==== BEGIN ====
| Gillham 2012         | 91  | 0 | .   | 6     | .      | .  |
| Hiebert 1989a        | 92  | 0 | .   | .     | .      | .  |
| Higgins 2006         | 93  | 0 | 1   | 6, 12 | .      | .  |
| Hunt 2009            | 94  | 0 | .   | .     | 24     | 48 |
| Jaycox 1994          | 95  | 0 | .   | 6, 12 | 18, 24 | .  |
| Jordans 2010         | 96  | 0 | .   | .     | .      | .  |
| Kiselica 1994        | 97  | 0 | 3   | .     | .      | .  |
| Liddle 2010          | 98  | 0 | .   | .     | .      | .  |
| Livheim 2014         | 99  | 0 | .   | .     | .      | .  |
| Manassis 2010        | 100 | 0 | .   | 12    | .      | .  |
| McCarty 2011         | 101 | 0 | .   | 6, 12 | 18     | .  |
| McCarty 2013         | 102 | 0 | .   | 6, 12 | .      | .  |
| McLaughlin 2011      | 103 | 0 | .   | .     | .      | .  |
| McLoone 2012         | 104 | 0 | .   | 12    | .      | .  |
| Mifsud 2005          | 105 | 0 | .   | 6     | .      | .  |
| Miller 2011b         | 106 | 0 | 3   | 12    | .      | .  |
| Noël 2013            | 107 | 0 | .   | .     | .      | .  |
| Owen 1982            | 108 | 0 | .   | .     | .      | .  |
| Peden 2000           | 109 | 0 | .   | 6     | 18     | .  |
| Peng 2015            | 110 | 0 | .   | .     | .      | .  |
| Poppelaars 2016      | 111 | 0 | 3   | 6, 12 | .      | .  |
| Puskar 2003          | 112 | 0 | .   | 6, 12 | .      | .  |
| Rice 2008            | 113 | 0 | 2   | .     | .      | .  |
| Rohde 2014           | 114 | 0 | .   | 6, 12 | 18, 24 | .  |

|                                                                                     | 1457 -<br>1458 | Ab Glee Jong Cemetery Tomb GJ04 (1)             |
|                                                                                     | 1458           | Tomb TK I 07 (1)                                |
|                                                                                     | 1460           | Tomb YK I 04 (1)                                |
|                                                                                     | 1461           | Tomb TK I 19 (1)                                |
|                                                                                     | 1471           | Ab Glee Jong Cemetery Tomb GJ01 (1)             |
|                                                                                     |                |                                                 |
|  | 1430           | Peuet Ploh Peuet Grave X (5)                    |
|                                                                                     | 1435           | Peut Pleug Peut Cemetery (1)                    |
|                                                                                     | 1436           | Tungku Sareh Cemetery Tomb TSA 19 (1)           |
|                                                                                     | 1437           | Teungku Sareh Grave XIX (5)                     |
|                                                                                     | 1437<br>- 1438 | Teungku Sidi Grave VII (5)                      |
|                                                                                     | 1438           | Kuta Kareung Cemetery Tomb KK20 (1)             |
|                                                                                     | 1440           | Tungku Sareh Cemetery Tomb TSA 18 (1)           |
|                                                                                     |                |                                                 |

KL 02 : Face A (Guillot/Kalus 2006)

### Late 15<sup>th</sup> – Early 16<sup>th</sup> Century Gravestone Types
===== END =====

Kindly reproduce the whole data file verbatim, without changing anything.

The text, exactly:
| Gillham 2012         | 91  | 0 | .   | 6     | .      | .  |
| Hiebert 1989a        | 92  | 0 | .   | .     | .      | .  |
| Higgins 2006         | 93  | 0 | 1   | 6, 12 | .      | .  |
| Hunt 2009            | 94  | 0 | .   | .     | 24     | 48 |
| Jaycox 1994          | 95  | 0 | .   | 6, 12 | 18, 24 | .  |
| Jordans 2010         | 96  | 0 | .   | .     | .      | .  |
| Kiselica 1994        | 97  | 0 | 3   | .     | .      | .  |
| Liddle 2010          | 98  | 0 | .   | .     | .      | .  |
| Livheim 2014         | 99  | 0 | .   | .     | .      | .  |
| Manassis 2010        | 100 | 0 | .   | 12    | .      | .  |
| McCarty 2011         | 101 | 0 | .   | 6, 12 | 18     | .  |
| McCarty 2013         | 102 | 0 | .   | 6, 12 | .      | .  |
| McLaughlin 2011      | 103 | 0 | .   | .     | .      | .  |
| McLoone 2012         | 104 | 0 | .   | 12    | .      | .  |
| Mifsud 2005          | 105 | 0 | .   | 6     | .      | .  |
| Miller 2011b         | 106 | 0 | 3   | 12    | .      | .  |
| Noël 2013            | 107 | 0 | .   | .     | .      | .  |
| Owen 1982            | 108 | 0 | .   | .     | .      | .  |
| Peden 2000           | 109 | 0 | .   | 6     | 18     | .  |
| Peng 2015            | 110 | 0 | .   | .     | .      | .  |
| Poppelaars 2016      | 111 | 0 | 3   | 6, 12 | .      | .  |
| Puskar 2003          | 112 | 0 | .   | 6, 12 | .      | .  |
| Rice 2008            | 113 | 0 | 2   | .     | .      | .  |
| Rohde 2014           | 114 | 0 | .   | 6, 12 | 18, 24 | .  |

|                                                                                     | 1457 -<br>1458 | Ab Glee Jong Cemetery Tomb GJ04 (1)             |
|                                                                                     | 1458           | Tomb TK I 07 (1)                                |
|                                                                                     | 1460           | Tomb YK I 04 (1)                                |
|                                                                                     | 1461           | Tomb TK I 19 (1)                                |
|                                                                                     | 1471           | Ab Glee Jong Cemetery Tomb GJ01 (1)             |
|                                                                                     |                |                                                 |
|  | 1430           | Peuet Ploh Peuet Grave X (5)                    |
|                                                                                     | 1435           | Peut Pleug Peut Cemetery (1)                    |
|                                                                                     | 1436           | Tungku Sareh Cemetery Tomb TSA 19 (1)           |
|                                                                                     | 1437           | Teungku Sareh Grave XIX (5)                     |
|                                                                                     | 1437<br>- 1438 | Teungku Sidi Grave VII (5)                      |
|                                                                                     | 1438           | Kuta Kareung Cemetery Tomb KK20 (1)             |
|                                                                                     | 1440           | Tungku Sareh Cemetery Tomb TSA 18 (1)           |
|                                                                                     |                |                                                 |

KL 02 : Face A (Guillot/Kalus 2006)

### Late 15<sup>th</sup> – Early 16<sup>th</sup> Century Gravestone Types